Madison Heights accepts nominations for service awards

Deadline for submissions is Aug. 25

By: Andy Kozlowski | Madison-Park News | Published August 5, 2023


MADISON HEIGHTS — Those who volunteer know it can be thankless work, but they aren’t in it for the glory. They do it because they want to help others — a fact not lost on city officials.

Now, Madison Heights is accepting nominations for its first annual ‘At Your Services’ Awards. It’s a way to give thanks to those who have given so much.

Categories include “Volunteer of the Year,” which recognizes a resident who worked on issues important to the community; “Outstanding Neighbor,” for those who went above and beyond to make their community a more livable place; and the “Madison Heights Spirit Award,” for persons or groups who consistently promote the city, and make efforts to improve it.

There is also a category for “Business of the Year,” for any local businesses or nonprofits that show core values such as innovation, resilience, collaboration, resourcefulness, diversity, equity, inclusion, environmental sustainability or community support.

Submissions are being accepted online until Aug. 25. The nomination form can be found online at

Mark Bliss, the mayor pro tem, proposed the awards several months ago. But he is quick to note that it’s not an entirely new concept.

For years, the city would participate in the Community Round Table, a network of community groups, charities, schools and churches in the area. Each year, members would award their most dedicated volunteers at a lavish luncheon. The aim was not only to boost morale, but to inspire others to volunteer, as well.

Then, the pandemic happened, and that tradition came to an end.

“With all that shutting down, I requested staff look into a way where we would have a method of congratulating and awarding all those great volunteers throughout the city,” Bliss said. “Originally, we thought of the people on our boards and commissions, like our Arts Board, our library board, etcetera. But then staff had a great idea to extend it to any and all volunteers, and to allow our residents to make the submissions themselves.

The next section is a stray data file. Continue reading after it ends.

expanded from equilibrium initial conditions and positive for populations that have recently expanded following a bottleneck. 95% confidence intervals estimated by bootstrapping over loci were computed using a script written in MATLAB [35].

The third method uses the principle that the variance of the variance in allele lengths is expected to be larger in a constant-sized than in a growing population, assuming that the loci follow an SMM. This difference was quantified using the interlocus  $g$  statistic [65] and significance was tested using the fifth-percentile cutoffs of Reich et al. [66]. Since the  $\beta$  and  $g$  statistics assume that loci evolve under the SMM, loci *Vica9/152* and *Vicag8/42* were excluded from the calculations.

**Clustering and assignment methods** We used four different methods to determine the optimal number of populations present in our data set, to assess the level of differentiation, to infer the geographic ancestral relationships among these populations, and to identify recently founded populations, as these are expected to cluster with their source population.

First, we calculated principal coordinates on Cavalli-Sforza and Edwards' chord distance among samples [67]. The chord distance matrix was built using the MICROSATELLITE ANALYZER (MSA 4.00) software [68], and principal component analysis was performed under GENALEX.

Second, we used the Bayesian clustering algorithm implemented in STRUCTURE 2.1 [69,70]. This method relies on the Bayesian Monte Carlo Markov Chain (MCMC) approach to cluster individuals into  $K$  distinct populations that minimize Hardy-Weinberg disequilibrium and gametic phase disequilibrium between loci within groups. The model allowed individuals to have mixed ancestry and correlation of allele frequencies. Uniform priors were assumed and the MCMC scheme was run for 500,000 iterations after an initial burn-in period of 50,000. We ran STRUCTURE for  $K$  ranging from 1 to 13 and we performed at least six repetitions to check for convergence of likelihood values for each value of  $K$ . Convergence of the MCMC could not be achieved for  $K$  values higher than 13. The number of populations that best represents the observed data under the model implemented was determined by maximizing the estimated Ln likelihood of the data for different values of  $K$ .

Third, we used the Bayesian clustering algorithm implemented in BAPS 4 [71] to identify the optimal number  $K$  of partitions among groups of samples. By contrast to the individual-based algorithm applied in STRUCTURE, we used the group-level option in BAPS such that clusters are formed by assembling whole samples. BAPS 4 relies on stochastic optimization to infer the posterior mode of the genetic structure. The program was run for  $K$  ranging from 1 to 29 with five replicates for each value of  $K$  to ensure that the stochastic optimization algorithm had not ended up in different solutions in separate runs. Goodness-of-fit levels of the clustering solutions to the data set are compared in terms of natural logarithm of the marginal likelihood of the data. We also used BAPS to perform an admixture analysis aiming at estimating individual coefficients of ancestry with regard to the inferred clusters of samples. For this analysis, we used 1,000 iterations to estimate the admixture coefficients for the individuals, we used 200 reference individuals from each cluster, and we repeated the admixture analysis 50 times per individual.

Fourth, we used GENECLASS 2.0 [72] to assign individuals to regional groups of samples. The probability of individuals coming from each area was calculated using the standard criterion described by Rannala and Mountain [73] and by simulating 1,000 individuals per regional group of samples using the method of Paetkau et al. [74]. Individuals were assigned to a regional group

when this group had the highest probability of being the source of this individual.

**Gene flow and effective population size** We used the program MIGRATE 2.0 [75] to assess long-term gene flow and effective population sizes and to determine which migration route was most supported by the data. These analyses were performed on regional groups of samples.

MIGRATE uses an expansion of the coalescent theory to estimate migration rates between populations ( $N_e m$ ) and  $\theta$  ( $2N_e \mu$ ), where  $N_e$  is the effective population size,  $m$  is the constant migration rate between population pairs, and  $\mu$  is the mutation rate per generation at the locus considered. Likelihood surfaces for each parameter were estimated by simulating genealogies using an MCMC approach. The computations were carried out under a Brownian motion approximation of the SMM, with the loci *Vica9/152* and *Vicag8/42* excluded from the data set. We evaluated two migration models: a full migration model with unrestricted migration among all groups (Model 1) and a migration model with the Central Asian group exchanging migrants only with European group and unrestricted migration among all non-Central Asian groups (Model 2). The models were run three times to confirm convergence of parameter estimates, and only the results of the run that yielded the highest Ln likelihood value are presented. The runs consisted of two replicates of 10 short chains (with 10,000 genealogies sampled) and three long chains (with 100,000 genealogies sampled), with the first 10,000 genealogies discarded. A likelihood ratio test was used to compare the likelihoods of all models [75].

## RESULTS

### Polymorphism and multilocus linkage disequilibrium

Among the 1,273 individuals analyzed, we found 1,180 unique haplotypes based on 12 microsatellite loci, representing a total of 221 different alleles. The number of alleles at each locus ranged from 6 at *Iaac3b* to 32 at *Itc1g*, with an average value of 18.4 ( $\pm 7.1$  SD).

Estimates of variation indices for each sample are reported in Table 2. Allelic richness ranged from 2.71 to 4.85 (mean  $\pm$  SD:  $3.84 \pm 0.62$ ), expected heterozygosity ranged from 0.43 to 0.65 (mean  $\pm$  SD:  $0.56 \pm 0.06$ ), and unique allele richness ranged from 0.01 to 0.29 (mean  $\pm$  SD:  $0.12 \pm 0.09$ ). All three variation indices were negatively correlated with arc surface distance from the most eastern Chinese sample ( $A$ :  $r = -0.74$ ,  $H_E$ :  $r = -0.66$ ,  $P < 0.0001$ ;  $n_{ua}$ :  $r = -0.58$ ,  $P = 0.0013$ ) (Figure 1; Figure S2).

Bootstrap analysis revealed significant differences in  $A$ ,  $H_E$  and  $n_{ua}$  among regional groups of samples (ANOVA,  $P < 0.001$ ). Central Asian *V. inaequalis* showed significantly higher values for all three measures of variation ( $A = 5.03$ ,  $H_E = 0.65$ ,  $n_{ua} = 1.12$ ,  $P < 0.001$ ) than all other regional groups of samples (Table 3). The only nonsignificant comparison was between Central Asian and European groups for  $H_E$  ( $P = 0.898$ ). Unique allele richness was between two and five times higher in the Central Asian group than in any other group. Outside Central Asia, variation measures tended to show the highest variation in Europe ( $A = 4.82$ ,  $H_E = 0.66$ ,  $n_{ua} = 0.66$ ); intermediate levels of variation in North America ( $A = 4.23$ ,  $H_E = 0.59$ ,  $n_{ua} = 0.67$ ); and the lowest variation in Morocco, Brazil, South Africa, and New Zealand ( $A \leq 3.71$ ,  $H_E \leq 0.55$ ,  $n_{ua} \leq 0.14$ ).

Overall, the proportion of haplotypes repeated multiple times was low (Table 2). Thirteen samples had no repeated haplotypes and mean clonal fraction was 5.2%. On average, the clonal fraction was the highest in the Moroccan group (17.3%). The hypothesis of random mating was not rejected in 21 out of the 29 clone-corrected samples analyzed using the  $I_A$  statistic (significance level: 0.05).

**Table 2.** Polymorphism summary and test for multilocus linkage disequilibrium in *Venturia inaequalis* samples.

“Before, it was just City Council making submissions,” he said. “We will still select the winners, but now we’re really empowering the community to share their ideas about who’s making a big difference in the city of Madison Heights.”    

Roslyn Grafstein, the mayor of Madison Heights, agreed it’s a good idea.

“With COVID, the Community Round Table stopped meeting as much, and there were so many groups out there who made the decision to disband. But then Mark suggested that we, as a city, should do something. We had always nominated a city volunteer, but there are just so many people in the city who do volunteer work,” Grafstein said.

“I don’t think anyone does it for the recognition, but it’s still nice to be able to recognize when people are doing good things,” she said. “We have residents who serve on multiple boards in the city, and who are involved with active charitable organizations in the area. Again, it’s just nice to be able to recognize them.”

The council has also continued to recognize individuals at council meetings. Earlier this year, the council honored the family of Holly and Michael Hayter, who had maintained a display of skeletons at their home on West Gardenia Avenue, the scene changing with the seasons to delight neighbors and motorists alike. Separately, the council recognized Jennifer Ramirez, the hometown artist responsible for many of the large-scale outdoor murals found in parks around town.

Bliss said these are just two examples of people that the council has formally recognized in the pandemic era. He wants to see even more.

“Having been a volunteer in the city before I was ever elected to public office, I think most volunteers would agree it’s not about recognition. But programs like this bring awareness to volunteer opportunities and inspire others to volunteer. That’s the important thing,” Bliss said.

“People move, life circumstances change. Luckily, we have groups like the Arts Board that are always full, and never have trouble finding people to serve. And I’d like to keep it this way across all our boards and commissions and community service groups,” he said. “If this helps inspire more people to get involved, then we can say it’s having an impact.”